I probably will bite the bullet anyhow and use the self-leveler in the bedroom — that gets a lot of weight in one spot for a lot of hours every day, and I imagine that now that it’s falling apart in there it’ll deteriorate pretty fast. Other areas don’t get the same abuse. Man, am I glad I don’t have this stuff in my house.
     
  7. Mike Antonetti

    Mike Antonetti I Support TFP Senior Member

    that’s exactly what I don’t know, if it locks together,etc.

    If I sat in a training forum class it would be my first question. I assume they would say a certain deflection maximum amount and a few other specifics but you’re asking questions I would have. We are not there so it’s difficult to assess and determine effective material, and minimum amount of product.
     
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  8. Daris Mulkin

    Daris Mulkin The One and Only Charter Member I Support TFP Senior Member

    I guess if it is a floating floor why go to all thee bother. I'm not seeing what would tear up the gypcrete any more. But I'm a carpet installer, what ddo I know.

    :old:

    Daris
     
  9. Mike Antonetti

    Mike Antonetti I Support TFP Senior Member

    I guess a good assessment would be in order to make some choices.

    Acoustical tackstrip or proper nails should’ve been used.

    Check with manufacturer to see if new flooring can be installed over other flooring.

    I have a rotary laser to see exactly at different points wherever and the differences. Once you evaluate and know numbers the situation becomes tangible.
     
  10. Lifechoices

    Lifechoices Member

    Yeah, I think that’s the next step, and then the to-level-or-not-to-level question for the bedroom will ride on whether the structural evaluation happens before I have to replace the carpet in a couple of months. If it can’t, I’ll see if I can wait to put a few hundred pounds’ worth of compound on the floor — and ultimately it’ll come down to what has to be done to secure the carpet strips. As I recall from when I pulled out the other carpeting, it’s tackstrip — and the gypcrete just let it go. I’ll talk with the condo boss about it, since I’m sure he doesn’t want my tenant landing in the bedroom below, either. I’d actually like to wait on the whole thing but that carpet is now...er...at least 25 years old, and it looks like it needs to go to the vet.

    Bathroom will just be a comprehensive job, since I have to see about that sunken spot near the toilet.

    For the rest, laying the boards over the old boards is fine, and I’m thinking might even give a bit more stiffness to the floor laid at 90 degrees. But it doesn’t look like it’ll be much more work to take up the old, patch what’s patchable and have a look at how things are doing, take some photos, put down new underlayment, and put the new stuff in. May as well take the opportunity, since the old float-in’s so easy to take up and the new boards have to be cut anyway.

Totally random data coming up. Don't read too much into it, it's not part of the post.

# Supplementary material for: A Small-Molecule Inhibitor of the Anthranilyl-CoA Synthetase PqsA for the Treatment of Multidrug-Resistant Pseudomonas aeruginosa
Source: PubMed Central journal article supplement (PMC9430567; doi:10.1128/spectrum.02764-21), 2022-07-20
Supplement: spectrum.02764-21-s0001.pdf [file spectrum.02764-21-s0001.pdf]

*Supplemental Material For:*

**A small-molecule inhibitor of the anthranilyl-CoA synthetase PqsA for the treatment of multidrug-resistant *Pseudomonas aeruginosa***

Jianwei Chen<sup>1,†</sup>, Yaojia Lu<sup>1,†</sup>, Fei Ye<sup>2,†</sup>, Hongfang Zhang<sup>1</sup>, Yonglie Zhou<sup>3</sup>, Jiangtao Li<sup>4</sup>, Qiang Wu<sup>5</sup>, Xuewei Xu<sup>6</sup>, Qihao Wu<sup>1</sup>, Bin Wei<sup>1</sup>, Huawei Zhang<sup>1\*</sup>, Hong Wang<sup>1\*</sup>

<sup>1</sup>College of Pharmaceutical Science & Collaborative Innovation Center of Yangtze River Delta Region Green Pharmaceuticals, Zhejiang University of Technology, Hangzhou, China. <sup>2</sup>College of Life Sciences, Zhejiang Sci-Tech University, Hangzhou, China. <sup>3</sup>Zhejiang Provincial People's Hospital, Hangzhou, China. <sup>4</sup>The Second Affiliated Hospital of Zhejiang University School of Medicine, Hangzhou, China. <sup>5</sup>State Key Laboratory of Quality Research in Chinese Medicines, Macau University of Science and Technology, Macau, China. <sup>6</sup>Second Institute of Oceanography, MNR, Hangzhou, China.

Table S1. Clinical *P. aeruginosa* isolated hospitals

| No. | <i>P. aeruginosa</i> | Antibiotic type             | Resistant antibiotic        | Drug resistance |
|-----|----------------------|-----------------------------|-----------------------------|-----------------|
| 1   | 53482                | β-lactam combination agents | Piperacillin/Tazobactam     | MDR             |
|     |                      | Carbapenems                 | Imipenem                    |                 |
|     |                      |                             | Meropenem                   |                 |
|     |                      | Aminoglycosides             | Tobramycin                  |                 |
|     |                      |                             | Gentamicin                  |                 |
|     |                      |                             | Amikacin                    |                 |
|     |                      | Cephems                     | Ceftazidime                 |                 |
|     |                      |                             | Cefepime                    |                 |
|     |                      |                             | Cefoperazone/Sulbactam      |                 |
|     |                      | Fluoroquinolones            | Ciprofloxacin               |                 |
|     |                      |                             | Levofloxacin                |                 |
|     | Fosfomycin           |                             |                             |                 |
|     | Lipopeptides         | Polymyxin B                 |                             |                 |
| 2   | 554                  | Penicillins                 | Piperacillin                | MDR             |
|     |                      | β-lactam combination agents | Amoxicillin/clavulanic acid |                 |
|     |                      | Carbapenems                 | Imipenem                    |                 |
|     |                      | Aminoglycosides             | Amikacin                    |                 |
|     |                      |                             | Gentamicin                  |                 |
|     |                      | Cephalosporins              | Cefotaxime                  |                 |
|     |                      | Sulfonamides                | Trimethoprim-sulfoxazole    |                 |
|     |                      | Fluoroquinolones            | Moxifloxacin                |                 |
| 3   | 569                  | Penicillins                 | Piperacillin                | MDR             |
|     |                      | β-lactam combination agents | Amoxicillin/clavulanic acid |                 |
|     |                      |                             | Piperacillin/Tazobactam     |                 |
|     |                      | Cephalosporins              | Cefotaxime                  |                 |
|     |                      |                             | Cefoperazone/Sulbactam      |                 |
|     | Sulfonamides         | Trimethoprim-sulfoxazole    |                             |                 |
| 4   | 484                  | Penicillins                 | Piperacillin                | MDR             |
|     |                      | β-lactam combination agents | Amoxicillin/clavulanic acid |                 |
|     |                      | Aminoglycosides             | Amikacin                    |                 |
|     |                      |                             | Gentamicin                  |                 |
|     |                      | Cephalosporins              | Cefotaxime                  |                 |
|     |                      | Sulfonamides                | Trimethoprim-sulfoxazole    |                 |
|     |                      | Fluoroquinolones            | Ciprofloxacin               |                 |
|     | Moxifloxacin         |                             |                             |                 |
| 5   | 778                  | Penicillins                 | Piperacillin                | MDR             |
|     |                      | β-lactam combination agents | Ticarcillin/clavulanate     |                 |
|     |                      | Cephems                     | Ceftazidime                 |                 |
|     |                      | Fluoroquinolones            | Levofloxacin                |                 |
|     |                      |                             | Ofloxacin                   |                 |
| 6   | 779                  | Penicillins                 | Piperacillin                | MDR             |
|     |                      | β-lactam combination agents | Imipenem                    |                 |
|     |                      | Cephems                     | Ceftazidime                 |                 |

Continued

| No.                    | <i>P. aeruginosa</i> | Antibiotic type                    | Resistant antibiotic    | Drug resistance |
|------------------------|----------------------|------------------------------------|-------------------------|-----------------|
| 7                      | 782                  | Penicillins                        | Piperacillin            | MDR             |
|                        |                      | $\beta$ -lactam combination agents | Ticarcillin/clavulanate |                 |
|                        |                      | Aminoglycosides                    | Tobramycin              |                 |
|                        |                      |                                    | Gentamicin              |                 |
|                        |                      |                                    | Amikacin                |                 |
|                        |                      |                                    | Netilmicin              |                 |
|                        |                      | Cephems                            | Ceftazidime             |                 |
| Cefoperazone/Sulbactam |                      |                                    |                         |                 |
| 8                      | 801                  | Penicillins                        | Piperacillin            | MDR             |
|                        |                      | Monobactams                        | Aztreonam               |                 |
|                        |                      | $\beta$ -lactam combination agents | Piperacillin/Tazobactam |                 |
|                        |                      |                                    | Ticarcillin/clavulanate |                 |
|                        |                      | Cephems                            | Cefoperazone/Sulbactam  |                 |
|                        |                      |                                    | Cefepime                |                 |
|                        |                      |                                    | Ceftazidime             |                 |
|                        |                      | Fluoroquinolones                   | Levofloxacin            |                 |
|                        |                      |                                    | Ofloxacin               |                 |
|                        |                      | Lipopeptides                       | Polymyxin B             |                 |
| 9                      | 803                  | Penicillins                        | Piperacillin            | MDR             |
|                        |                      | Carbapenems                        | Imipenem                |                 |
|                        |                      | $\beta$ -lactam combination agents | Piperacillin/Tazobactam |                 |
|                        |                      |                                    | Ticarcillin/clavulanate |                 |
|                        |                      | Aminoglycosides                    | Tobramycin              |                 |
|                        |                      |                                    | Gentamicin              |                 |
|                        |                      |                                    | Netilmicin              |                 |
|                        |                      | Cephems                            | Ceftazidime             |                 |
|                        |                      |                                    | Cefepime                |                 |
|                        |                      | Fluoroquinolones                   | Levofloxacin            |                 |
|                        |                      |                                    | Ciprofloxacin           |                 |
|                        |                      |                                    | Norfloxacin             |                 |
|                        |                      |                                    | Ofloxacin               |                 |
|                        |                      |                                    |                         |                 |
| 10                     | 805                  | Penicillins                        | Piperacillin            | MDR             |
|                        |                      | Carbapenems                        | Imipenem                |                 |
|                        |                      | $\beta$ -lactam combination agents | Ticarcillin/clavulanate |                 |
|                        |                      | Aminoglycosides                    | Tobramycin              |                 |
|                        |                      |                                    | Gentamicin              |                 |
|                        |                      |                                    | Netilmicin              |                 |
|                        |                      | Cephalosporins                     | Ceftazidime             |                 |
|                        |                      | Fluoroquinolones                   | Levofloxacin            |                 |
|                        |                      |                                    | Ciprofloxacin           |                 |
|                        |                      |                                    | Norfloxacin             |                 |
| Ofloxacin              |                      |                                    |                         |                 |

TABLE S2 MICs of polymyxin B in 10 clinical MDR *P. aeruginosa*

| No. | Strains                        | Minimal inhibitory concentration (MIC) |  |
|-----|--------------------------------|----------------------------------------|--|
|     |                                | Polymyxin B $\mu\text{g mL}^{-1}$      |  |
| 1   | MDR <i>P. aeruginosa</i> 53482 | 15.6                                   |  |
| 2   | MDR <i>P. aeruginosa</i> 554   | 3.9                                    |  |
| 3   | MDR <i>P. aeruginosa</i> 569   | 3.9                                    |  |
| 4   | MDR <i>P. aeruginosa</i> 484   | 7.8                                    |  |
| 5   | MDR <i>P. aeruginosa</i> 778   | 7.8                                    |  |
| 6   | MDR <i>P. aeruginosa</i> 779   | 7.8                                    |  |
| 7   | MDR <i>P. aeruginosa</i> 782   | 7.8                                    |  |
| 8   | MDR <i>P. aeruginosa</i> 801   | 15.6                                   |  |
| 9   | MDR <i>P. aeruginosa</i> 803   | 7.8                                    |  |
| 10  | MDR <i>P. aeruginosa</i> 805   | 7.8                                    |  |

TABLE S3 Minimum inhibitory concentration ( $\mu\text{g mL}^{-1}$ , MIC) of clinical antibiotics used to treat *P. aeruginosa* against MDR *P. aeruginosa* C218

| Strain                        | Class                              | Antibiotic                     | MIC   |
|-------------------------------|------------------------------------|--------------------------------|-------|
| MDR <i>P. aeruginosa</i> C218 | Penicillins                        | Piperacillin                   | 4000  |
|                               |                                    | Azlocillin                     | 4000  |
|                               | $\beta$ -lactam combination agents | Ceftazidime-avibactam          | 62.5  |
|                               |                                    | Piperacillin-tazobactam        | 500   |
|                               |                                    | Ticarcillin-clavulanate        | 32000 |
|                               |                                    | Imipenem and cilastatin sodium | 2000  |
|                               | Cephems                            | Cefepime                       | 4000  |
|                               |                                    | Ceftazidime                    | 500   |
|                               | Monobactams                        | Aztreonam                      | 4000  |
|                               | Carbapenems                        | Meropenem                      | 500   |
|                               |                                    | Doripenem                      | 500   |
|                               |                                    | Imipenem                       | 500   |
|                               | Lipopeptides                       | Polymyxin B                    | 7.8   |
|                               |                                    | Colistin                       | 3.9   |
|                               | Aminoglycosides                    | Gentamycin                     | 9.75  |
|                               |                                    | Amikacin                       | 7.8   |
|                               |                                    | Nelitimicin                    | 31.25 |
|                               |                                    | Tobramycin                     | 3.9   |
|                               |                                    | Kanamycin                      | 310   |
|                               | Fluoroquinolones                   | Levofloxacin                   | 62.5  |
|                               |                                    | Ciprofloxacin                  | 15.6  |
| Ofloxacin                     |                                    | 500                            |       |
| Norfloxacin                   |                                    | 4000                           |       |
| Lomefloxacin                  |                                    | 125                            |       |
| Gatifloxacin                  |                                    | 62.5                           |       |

Daris, as I see it the main reason to level, once I’m ready for that job, would be to, well, level, and also stiffen up the floor — there’s a few spongy areas that aren’t the worst, if you’re renting, but you wouldn’t tolerate them in your home. I think the sponginess is mostly a factor of the underlayment used as leveling material plus the fact that a 7mm veneer board flexes, but there could also just be bounce in the subfloor at this point.

    I’ll also take the opportunity to praise this Kährs Linnea veneer product some more — I had no right to expect this much use out of it, especially with all those people moving their stuff in and out (note: grad students arrive with three times the furniture that will fit and it’s all made of glue, but they’re responsible tenants; undergrads have no furniture, but will let the place turn into a swimming pool before they text you about a leak) and it looked great up till maybe three or four years ago. It’s been fine in the kitchen, too. I did think about using something a little more durable, but as far as I can make out there’s no point in buying something sandable if you’re putting it in over gypcrete, you’ll vibrate the stuff into dust.

    Thank you all very much for your help. I feel better-equipped now, and I’ll let you know how it turns out.
     
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  11. Lifechoices

    Lifechoices Member

    Good news! When the old carpet came up, I was shocked to see that the gyp was in no worse shape than the stuff in the rest of the apartment 20 years ago. Clean slab that was cracked, but not pulverized or even turned into gravel. Tack strips didn’t even come up as I’d expected. The unevenness around the room was like ice-floe pileup — not that dramatic, but you could see that if the whole building had shifted/settled and the slab cracked, some slabs would “heave” a little over the others. Since it’s fragile stuff, I expect in time it’ll wear at the crack edges and the slabs will fall reasonably even again. In any case I didn’t bother with Schonox or patching, because frankly it just looked like any stress with further settling would then re-crack the slab in new places. I had the flooring guys recarpet with some fresh padding, and you can still feel some unevenness underfoot, but nothing unreasonable for an old building.

    Similarly, in the bathroom, the flooring guys saw no water damage to the existing sheet vinyl, and the little depression I’d noted hasn’t changed since last winter. So rather than pull up the vinyl and take gyp with it, they just skimmed the depression and laid the click vinyl over. Looks tidy and much better than before; I do notice a little bit of bounce where the skim ought to be, but again, it’s not a big deal.

    I feel like I dodged a bullet there, at least temporarily. Underlayment question coming up on another thread —